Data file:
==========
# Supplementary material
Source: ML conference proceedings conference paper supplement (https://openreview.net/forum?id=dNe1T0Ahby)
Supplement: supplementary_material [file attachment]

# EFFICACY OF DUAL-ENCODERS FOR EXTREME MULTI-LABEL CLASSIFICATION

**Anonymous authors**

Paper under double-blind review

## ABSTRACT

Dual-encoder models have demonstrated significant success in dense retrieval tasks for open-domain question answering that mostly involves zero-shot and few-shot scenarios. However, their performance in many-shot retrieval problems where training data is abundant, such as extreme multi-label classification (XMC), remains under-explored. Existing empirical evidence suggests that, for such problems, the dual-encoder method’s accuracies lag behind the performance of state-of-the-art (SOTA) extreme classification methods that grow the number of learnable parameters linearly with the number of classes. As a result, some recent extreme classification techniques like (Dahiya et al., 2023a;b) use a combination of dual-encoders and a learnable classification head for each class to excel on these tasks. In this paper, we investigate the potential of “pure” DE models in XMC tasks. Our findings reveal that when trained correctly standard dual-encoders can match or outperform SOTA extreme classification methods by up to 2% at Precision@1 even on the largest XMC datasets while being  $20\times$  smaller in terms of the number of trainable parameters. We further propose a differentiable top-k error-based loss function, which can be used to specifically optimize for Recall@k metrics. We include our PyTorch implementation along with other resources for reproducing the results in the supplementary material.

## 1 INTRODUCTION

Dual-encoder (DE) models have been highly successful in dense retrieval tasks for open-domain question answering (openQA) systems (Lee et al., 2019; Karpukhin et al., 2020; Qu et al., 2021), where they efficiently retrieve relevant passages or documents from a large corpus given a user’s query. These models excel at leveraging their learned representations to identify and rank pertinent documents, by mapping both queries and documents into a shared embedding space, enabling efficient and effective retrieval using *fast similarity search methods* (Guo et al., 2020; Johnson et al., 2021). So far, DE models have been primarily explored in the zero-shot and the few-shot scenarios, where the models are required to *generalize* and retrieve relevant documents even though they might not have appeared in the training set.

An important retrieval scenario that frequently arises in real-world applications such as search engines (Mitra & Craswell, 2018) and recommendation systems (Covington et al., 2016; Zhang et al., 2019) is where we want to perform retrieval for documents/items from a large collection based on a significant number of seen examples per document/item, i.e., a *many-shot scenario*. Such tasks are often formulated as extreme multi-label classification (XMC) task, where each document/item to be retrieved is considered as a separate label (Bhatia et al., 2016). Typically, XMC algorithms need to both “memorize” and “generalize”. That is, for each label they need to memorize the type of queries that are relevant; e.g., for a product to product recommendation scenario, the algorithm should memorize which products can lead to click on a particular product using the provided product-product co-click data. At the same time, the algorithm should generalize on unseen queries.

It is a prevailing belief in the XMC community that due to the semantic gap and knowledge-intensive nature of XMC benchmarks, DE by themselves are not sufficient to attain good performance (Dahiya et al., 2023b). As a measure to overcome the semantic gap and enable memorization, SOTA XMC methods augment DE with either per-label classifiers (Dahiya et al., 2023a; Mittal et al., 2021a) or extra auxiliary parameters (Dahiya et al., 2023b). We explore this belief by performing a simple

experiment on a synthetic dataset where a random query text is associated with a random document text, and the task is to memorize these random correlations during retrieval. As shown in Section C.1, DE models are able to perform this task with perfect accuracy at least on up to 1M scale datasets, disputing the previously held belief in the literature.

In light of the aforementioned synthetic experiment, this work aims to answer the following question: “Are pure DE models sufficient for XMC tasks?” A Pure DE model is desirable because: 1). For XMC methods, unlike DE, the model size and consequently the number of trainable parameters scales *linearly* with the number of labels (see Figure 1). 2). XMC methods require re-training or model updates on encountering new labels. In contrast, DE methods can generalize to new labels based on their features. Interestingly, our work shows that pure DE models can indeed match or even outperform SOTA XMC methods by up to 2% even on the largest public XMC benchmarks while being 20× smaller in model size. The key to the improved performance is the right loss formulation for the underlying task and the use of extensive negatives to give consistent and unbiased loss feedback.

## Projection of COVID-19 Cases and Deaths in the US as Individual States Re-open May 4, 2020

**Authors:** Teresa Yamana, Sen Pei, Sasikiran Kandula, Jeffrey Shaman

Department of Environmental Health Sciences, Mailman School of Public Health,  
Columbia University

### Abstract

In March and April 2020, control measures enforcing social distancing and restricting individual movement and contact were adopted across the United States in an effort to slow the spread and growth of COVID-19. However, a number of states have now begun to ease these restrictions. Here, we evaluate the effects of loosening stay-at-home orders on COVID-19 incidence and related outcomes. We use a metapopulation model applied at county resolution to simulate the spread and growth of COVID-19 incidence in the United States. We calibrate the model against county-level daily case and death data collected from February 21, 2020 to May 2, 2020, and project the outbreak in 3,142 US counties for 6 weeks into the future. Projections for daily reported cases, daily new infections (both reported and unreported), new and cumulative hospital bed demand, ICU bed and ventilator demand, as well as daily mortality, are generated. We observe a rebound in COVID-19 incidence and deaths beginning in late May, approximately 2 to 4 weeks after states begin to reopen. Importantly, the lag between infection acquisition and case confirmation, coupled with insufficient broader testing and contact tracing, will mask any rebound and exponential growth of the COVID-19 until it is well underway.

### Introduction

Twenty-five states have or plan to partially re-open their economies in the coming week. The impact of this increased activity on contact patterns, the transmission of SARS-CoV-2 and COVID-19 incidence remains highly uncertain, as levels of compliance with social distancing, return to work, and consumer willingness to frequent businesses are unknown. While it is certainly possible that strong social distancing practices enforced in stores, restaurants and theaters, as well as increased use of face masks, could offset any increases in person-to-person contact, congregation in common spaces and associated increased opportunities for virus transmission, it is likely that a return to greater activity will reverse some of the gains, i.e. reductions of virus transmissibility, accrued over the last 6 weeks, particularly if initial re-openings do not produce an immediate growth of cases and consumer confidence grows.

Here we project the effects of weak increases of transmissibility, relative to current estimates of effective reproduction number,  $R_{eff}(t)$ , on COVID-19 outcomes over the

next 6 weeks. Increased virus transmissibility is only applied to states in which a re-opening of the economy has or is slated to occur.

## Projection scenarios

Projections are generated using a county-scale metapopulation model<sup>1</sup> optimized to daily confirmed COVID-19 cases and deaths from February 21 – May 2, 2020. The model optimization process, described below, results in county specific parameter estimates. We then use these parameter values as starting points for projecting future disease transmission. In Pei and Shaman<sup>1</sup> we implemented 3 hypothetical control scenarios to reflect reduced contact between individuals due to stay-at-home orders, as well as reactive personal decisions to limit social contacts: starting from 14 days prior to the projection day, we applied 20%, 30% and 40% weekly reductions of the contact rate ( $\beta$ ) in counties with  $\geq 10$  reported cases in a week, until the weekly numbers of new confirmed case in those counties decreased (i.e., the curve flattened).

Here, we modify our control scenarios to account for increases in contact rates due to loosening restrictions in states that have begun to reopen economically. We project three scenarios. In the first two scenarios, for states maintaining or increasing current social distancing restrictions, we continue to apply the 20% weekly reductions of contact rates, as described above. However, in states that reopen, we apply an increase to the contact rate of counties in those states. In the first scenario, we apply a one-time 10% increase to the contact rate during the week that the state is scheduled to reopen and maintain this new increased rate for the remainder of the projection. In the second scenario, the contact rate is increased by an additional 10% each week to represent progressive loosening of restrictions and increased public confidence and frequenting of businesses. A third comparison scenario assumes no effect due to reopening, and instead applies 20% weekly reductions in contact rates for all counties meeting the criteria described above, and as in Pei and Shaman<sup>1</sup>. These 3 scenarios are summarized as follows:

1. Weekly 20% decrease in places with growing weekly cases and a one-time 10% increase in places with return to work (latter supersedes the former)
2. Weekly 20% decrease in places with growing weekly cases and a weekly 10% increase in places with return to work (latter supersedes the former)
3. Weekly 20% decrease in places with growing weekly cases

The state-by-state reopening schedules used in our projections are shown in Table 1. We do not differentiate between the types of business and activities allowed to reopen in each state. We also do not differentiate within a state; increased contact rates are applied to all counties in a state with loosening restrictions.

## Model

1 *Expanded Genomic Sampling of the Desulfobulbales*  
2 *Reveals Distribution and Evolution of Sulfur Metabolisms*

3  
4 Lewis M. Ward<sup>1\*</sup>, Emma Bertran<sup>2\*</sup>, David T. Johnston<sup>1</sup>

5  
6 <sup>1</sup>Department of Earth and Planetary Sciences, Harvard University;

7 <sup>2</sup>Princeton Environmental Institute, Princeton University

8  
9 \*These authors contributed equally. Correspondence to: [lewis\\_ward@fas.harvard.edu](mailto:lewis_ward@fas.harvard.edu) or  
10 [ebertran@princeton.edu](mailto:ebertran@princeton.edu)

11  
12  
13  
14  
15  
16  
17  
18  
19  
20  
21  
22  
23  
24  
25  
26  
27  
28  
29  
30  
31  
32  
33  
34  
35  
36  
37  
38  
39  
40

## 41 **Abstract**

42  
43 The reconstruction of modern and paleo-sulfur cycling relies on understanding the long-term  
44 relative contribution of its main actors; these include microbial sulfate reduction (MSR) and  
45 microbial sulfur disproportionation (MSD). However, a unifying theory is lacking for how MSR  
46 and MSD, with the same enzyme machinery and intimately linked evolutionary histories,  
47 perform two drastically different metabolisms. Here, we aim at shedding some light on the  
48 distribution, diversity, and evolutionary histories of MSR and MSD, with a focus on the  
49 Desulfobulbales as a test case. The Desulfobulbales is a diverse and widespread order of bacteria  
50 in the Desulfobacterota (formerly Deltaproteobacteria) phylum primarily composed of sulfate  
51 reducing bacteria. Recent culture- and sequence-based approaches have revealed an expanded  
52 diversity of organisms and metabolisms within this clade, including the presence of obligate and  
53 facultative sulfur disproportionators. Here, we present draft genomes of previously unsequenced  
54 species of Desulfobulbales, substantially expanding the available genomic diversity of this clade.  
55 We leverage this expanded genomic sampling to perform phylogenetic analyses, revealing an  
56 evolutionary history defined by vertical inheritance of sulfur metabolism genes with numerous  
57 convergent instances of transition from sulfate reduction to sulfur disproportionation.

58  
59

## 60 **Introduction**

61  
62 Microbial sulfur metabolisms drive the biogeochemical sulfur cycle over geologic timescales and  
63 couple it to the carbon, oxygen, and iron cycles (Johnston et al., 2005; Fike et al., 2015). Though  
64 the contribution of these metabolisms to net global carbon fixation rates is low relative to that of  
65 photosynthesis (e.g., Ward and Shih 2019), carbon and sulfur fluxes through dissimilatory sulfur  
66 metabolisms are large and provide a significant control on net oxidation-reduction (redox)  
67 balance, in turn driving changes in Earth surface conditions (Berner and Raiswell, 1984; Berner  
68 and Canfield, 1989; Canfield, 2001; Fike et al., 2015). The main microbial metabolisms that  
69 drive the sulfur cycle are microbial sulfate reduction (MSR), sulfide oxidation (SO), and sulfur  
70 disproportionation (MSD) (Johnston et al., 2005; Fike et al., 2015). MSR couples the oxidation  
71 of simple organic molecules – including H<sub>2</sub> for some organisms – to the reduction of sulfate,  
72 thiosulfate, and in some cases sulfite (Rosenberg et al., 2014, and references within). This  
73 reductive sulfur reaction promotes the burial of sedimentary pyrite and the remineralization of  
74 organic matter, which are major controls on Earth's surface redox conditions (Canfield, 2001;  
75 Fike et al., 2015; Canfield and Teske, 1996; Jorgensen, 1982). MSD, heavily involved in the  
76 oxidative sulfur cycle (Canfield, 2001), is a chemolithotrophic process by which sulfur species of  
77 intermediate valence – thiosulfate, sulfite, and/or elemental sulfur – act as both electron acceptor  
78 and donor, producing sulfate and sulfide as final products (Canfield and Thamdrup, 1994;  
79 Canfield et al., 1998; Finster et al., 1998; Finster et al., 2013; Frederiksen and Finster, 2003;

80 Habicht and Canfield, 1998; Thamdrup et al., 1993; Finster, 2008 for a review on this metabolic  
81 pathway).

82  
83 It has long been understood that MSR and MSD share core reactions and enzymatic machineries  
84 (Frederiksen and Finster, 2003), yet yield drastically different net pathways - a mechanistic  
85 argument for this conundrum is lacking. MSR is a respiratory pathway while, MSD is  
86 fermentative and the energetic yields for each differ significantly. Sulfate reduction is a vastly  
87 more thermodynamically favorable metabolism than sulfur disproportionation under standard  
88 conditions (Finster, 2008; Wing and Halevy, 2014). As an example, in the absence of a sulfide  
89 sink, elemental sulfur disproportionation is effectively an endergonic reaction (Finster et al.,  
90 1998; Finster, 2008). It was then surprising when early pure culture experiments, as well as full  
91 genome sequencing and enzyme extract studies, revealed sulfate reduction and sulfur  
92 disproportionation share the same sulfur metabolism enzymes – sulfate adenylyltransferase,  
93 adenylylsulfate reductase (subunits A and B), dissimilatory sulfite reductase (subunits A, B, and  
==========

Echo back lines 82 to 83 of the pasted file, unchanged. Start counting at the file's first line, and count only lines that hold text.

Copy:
50 in the Desulfobacterota (formerly Deltaproteobacteria) phylum primarily composed of sulfate  
51 reducing bacteria. Recent culture- and sequence-based approaches have revealed an expanded  